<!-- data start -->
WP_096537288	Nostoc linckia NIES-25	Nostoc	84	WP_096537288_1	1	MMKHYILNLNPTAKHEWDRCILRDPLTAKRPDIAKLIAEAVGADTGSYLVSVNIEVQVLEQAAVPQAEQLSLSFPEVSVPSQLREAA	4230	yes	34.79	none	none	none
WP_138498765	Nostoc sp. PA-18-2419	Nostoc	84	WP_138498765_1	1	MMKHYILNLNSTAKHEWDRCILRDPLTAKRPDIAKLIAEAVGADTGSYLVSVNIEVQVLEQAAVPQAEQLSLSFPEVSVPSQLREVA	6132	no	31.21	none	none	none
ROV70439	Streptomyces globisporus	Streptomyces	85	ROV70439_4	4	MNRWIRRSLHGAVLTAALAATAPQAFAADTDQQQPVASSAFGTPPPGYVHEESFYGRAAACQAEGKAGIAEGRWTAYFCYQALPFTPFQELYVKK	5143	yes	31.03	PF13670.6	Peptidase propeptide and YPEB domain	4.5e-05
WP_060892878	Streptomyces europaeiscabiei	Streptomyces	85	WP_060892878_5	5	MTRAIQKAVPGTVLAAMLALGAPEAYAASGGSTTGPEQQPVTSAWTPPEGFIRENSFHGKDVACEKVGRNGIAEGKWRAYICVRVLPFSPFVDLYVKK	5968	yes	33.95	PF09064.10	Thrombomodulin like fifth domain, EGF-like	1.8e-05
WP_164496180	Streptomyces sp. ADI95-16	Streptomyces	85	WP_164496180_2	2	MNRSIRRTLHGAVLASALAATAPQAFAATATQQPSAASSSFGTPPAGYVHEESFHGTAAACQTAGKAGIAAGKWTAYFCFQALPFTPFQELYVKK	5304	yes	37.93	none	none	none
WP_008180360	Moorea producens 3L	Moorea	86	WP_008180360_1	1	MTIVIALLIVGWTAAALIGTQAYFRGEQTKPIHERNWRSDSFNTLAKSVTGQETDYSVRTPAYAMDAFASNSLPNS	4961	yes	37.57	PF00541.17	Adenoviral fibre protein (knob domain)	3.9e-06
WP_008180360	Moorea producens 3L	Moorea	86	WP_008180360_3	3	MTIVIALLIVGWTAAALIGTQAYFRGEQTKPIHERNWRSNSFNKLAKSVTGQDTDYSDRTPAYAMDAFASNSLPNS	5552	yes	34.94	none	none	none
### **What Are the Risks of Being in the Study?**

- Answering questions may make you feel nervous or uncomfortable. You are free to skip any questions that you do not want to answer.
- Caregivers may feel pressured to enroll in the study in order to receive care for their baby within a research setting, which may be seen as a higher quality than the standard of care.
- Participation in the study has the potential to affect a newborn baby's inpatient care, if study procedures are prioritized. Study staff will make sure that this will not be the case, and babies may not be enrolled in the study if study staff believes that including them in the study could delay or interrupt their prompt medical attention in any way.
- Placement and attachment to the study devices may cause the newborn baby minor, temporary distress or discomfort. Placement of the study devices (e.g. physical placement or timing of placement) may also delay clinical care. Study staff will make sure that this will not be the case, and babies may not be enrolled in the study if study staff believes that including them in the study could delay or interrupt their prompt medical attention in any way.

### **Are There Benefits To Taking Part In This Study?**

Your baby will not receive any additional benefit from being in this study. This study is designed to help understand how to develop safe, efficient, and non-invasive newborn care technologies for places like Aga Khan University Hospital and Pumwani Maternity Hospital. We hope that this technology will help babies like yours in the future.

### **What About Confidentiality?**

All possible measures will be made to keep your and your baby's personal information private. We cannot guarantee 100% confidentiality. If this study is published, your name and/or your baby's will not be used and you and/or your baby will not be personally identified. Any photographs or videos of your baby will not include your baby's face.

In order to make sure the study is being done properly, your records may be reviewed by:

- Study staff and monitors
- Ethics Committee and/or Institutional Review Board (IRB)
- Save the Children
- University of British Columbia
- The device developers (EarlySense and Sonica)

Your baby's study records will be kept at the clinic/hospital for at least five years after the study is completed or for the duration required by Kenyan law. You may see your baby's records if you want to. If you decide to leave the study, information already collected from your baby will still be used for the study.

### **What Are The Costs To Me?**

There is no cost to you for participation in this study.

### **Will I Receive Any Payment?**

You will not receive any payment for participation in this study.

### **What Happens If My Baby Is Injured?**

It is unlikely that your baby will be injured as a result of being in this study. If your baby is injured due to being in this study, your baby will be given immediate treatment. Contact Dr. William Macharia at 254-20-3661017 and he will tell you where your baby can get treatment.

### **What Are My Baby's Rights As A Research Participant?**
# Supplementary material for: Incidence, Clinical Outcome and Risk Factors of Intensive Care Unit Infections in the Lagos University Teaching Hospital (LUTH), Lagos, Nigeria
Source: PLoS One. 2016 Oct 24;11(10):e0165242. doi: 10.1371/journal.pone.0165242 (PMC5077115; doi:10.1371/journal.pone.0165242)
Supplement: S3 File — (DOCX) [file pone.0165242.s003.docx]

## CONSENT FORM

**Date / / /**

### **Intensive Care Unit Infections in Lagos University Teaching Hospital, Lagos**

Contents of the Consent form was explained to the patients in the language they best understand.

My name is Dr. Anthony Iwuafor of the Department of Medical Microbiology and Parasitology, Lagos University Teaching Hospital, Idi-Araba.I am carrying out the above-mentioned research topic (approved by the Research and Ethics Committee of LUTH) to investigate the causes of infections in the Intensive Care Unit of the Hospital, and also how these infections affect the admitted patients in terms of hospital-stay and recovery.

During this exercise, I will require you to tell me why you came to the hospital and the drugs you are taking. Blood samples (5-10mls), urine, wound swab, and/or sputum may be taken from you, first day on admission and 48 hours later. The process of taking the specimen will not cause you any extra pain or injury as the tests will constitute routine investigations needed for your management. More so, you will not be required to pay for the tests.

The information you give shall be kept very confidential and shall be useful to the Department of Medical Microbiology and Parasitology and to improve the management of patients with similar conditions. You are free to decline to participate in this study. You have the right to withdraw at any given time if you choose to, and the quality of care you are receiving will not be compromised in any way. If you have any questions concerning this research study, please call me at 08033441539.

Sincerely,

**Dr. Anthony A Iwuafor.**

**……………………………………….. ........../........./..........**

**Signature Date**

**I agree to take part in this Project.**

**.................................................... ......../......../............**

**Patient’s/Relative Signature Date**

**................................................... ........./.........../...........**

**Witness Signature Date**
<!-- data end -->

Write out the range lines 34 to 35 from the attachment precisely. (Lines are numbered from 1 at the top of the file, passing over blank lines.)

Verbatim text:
## CONSENT FORM

**Date / / /**